Gene Tsudik, UC Irvine
From 12.30 until 13.30
Our society is increasingly reliant upon a wide range of Cyber-Physical Systems (CPS), Internet-of-Things (IoT), embedded, and so-called “smart”, devices. They often perform safety-critical functions in numerous settings, e.g., home, office, medical, automotive and industrial. Some devices are small, cheap and specialized sensors and/or actuators. They tend to have meager resources, run simple software, sometimes upon “bare metal”. If such devices are left unprotected, consequences of forged sensor readings or ignored actuation commands can be catastrophic, particularly, in safety-critical settings. This prompts the following three questions: (1) How to trust data produced by a simple remote embedded device? (2) How to ascertain that this data was produced via execution of expected software? And, (3) Is it possible to attain (1) and (2) under the assumption that all software on the remote device might be modified or compromised? In this talk, we answer these questions by describing APEX: (Verified) Architecture for Proofs of Execution, the first of its kind result for low-end embedded systems. This work has a range of applications, especially, to authenticated sensing and trustworthy actuation, APEX incurs low overhead, making it affordable even for lowest-end embedded devices; it is also publicly available.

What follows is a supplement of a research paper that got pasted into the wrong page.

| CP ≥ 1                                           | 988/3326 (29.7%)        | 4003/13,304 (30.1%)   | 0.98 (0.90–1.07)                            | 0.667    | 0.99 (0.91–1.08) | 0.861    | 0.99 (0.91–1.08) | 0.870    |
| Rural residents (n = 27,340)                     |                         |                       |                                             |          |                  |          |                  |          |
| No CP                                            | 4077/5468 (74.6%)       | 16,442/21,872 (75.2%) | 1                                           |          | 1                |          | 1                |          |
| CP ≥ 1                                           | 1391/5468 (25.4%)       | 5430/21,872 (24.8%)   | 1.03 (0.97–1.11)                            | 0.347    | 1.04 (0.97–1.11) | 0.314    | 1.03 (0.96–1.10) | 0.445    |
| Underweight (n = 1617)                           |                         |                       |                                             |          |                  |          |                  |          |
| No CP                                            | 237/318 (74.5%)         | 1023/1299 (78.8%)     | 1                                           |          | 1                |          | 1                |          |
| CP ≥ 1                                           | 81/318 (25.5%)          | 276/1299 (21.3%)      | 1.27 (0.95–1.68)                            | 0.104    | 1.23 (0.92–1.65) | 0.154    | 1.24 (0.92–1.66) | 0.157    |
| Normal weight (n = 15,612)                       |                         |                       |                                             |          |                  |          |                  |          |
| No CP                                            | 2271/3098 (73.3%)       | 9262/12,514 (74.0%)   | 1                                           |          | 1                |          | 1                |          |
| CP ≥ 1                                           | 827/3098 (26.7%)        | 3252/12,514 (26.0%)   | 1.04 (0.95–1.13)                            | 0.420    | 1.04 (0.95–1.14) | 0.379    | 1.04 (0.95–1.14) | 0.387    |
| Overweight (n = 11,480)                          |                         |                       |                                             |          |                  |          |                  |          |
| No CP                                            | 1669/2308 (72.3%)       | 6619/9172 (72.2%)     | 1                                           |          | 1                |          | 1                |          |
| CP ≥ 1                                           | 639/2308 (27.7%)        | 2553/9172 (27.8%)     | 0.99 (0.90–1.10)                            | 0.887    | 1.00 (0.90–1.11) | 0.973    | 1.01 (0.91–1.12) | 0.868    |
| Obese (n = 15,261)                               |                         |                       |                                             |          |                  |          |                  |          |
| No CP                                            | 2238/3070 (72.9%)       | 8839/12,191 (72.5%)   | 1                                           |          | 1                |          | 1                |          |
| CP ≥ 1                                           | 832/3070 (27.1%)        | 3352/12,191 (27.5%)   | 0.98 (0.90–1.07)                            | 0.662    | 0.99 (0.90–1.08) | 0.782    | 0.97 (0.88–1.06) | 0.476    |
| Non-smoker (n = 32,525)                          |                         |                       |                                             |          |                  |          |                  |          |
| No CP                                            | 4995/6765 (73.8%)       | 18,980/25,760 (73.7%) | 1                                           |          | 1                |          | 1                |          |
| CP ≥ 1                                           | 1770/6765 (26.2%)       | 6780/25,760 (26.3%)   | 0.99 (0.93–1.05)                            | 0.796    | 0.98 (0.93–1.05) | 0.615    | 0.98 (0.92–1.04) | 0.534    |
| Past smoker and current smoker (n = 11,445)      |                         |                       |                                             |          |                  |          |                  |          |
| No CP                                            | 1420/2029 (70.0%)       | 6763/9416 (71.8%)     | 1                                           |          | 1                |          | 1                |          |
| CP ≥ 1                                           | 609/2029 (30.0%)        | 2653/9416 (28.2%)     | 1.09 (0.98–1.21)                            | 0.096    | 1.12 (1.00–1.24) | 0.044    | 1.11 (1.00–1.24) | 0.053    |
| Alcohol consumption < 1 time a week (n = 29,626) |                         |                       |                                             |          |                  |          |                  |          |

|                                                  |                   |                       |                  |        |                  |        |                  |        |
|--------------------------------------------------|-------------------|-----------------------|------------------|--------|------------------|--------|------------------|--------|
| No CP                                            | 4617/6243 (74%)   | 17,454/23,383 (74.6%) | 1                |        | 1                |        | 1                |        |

Join us on Zoom at https://ethz.zoom.us/j/66701426954.